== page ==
Five Rafters Die After Being Rammed by a Cuban Coast Guard Boat

The boat sank on Friday “after colliding with a surface unit of the Coast Guard Troops,” said the official report. (Twitter/Diario Artemisa)

14ymedio bigger14ymedio, 29 October 2022 — Five dead — one man, three women and a minor female child — as a result of the sinking of a boat carrying Cuban migrants north of Bahía Honda, in Artemisa province. The boat sank on Friday, “after colliding with a surface unit of the Coast Guard Troops while it was being identified,” according to a report from the Ministry of the Interior.

According to the government, 23 people were rescued by other units that joined the search and rescue.

The official statement accused the United States of encouraging illegal exits and points to the economic embargo as one of the “main incentives.”

“The United States Government does not contribute to guarantee safe, orderly and legal emigration, while at the same time it attempts to create socially destabilizing situations,” said the statement read on the television newscast.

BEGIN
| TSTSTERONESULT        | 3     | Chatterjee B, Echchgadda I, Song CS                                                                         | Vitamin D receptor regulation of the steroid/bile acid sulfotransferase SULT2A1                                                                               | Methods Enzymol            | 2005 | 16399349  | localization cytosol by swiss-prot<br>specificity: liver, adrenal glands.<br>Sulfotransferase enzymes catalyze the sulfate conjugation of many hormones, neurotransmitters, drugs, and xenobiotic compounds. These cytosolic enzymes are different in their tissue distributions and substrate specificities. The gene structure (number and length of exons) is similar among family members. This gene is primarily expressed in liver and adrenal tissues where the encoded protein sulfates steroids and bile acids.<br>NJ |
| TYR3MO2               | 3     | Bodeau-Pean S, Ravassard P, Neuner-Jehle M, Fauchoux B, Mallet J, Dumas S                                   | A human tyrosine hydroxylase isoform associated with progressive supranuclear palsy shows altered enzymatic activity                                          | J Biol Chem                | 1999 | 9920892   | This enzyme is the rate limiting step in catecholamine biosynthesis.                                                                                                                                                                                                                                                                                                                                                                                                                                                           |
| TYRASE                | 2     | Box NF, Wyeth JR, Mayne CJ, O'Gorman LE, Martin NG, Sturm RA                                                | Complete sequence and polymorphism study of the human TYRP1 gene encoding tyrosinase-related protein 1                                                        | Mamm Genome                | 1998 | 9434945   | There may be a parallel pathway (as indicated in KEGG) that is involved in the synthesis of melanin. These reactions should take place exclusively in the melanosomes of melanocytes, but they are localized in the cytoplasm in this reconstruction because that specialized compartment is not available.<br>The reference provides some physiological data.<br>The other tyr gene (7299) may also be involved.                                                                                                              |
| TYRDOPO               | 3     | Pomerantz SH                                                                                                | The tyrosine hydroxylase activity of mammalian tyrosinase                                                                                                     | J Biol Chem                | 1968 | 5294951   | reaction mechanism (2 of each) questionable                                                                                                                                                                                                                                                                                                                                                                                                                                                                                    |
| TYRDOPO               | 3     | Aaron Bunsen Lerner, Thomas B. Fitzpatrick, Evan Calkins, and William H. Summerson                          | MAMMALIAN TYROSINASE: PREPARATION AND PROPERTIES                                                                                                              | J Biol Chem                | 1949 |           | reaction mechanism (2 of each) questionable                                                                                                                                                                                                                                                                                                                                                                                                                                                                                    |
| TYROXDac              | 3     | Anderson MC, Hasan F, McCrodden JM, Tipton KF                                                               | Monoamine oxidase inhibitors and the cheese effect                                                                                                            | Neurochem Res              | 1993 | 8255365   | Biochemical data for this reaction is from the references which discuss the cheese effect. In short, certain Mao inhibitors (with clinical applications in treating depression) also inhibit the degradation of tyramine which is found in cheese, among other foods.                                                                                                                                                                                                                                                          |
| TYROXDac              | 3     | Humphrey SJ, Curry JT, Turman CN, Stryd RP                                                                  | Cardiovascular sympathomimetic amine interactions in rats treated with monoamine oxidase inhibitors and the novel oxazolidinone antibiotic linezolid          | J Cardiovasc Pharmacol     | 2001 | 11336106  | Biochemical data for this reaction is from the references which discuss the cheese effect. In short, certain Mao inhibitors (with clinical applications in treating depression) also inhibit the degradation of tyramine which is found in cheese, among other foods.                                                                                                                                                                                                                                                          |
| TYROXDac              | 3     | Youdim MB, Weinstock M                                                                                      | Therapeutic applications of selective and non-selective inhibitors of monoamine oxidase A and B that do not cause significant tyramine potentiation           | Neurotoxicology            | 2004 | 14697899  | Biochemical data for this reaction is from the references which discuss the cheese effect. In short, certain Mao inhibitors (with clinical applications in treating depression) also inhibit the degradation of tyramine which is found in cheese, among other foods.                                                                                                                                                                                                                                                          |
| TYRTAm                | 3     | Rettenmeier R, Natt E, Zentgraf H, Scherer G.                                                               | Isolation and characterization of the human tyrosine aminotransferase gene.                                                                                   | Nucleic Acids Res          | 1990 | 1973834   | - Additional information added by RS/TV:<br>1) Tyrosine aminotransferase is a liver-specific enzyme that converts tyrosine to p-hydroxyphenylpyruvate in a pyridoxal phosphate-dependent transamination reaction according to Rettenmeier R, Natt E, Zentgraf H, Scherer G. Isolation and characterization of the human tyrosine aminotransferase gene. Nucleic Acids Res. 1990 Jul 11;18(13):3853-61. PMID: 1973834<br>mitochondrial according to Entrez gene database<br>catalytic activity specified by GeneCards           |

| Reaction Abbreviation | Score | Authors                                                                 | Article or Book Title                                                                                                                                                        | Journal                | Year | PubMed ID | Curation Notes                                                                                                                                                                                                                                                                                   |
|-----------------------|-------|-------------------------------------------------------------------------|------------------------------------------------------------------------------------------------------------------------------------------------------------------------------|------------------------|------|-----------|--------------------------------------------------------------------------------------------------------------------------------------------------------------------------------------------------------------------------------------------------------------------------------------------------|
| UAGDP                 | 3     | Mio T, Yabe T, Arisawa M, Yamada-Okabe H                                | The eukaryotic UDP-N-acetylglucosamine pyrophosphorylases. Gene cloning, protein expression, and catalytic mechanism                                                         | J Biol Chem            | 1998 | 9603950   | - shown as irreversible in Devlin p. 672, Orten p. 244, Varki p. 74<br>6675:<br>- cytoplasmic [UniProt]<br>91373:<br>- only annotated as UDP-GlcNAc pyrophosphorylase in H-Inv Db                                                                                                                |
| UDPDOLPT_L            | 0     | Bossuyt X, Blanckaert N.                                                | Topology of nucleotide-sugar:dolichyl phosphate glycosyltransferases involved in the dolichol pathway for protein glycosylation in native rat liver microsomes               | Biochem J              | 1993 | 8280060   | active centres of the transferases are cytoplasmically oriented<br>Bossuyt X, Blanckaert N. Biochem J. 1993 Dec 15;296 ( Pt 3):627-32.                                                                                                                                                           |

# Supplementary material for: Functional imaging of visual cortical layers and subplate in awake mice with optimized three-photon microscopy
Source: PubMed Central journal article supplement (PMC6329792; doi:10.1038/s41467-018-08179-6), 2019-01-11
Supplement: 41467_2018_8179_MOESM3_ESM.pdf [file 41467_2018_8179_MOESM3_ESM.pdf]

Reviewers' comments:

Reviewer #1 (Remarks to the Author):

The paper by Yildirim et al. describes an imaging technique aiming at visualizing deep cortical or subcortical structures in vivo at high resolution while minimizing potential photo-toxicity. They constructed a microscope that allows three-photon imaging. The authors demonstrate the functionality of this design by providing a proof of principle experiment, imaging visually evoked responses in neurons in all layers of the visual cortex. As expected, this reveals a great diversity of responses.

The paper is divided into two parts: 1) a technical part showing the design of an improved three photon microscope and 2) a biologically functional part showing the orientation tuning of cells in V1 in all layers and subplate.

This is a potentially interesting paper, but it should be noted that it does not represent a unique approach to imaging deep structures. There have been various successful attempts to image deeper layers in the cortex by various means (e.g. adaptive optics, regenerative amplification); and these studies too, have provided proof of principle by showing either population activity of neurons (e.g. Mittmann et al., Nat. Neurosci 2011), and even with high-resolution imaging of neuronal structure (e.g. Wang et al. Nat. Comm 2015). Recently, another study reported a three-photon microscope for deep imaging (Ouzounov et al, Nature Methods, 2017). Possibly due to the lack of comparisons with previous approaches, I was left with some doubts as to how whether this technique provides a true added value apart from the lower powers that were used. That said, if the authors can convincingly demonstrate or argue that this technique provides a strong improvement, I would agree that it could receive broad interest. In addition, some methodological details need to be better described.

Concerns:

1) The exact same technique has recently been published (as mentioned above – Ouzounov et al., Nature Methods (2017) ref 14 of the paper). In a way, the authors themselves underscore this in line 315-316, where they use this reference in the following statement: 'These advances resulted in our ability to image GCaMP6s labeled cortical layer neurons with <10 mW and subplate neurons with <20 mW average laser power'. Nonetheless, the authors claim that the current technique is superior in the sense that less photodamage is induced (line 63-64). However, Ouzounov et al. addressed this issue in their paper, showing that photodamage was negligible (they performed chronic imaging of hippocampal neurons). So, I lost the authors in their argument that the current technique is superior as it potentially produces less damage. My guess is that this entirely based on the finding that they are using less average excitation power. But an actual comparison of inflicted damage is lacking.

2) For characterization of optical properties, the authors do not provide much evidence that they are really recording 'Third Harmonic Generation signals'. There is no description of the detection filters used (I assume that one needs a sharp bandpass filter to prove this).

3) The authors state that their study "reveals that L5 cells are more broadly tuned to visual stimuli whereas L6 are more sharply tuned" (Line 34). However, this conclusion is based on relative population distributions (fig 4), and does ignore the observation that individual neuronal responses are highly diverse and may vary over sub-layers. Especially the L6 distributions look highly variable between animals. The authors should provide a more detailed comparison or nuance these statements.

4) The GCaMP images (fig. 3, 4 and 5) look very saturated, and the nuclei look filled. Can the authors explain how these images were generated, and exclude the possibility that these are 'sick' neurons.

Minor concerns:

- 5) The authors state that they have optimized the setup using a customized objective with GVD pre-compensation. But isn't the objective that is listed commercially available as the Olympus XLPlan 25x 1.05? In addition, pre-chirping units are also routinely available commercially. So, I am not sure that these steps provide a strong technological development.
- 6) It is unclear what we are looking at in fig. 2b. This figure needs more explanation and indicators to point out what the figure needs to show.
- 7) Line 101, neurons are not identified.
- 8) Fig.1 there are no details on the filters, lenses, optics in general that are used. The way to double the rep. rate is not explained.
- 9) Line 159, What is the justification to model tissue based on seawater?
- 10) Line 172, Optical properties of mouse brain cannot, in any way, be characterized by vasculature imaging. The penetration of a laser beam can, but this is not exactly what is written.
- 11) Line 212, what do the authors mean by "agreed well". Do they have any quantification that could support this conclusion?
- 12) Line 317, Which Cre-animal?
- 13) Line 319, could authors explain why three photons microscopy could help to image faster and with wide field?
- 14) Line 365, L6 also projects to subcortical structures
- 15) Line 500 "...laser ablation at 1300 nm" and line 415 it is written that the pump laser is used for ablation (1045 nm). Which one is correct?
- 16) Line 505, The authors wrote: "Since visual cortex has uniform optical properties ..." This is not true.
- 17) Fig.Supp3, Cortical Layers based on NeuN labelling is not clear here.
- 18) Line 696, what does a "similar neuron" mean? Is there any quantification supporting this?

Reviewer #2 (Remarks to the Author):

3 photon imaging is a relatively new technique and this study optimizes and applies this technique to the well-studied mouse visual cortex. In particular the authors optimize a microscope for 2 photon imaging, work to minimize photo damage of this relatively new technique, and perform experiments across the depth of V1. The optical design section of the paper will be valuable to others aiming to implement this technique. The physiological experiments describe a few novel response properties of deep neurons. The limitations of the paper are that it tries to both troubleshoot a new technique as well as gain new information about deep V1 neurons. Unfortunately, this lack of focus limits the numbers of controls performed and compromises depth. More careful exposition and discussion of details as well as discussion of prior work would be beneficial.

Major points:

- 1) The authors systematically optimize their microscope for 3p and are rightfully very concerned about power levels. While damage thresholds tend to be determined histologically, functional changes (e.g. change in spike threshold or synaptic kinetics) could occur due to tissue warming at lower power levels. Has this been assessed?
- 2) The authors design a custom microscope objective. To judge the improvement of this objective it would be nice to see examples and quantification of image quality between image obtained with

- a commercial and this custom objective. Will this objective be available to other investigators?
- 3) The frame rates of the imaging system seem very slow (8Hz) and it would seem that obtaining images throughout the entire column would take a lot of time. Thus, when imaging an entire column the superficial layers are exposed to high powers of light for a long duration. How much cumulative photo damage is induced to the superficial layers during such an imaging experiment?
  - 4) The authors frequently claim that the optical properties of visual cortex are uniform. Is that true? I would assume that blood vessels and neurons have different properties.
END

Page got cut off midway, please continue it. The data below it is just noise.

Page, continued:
Cuban authorities are investigating “this painful event” that “occurred as a result of hostile and cruel policies of the Government of the United States against Cuba,” the brief statement continued.

As the news spread, it has started to cause a stir on social media where many were reminded of the 13 de Marzo tugboat, a small boat, which sank in July 1994 resulting in the death of 41 Cubans who were trying to leave Cuba. The testimonies of survivors confirmed the government’s responsibility in the ramming and the use of water cannons against the vessel.

This year, the American Coast Guard has intercepted 6,182 Cubans who were trying to reach the country through maritime routes, seven times the number detained in 2021. So far this month, they have intercepted 921 rafters from the Island.

Last Thursday, the Chief Patrol Agent in Miami, Walter Slosar, who had documented the arrival of several of these rafters, announced the landing of 24 people, four of whom were children, in Marathon, Florida, on a boat named La Crema. After receiving medical attention, they were taken into custody.

One day earlier, Slosar had confirmed the arrival of 80 rafters who landed in the area of Marquesas Keys in Florida. Among them was Loisel De León Morales, a young man who recorded the trip with 21 friends. After turning themselves in, they were set free and reunited with family as they await to learn their future.

The Cubans who reach American soil have a greater chance of receiving asylum, while rafters intercepted in international waters must prove they are victims of harassment by the regime, otherwise they are returned to the Island.

Translated by: Silvia Suárez


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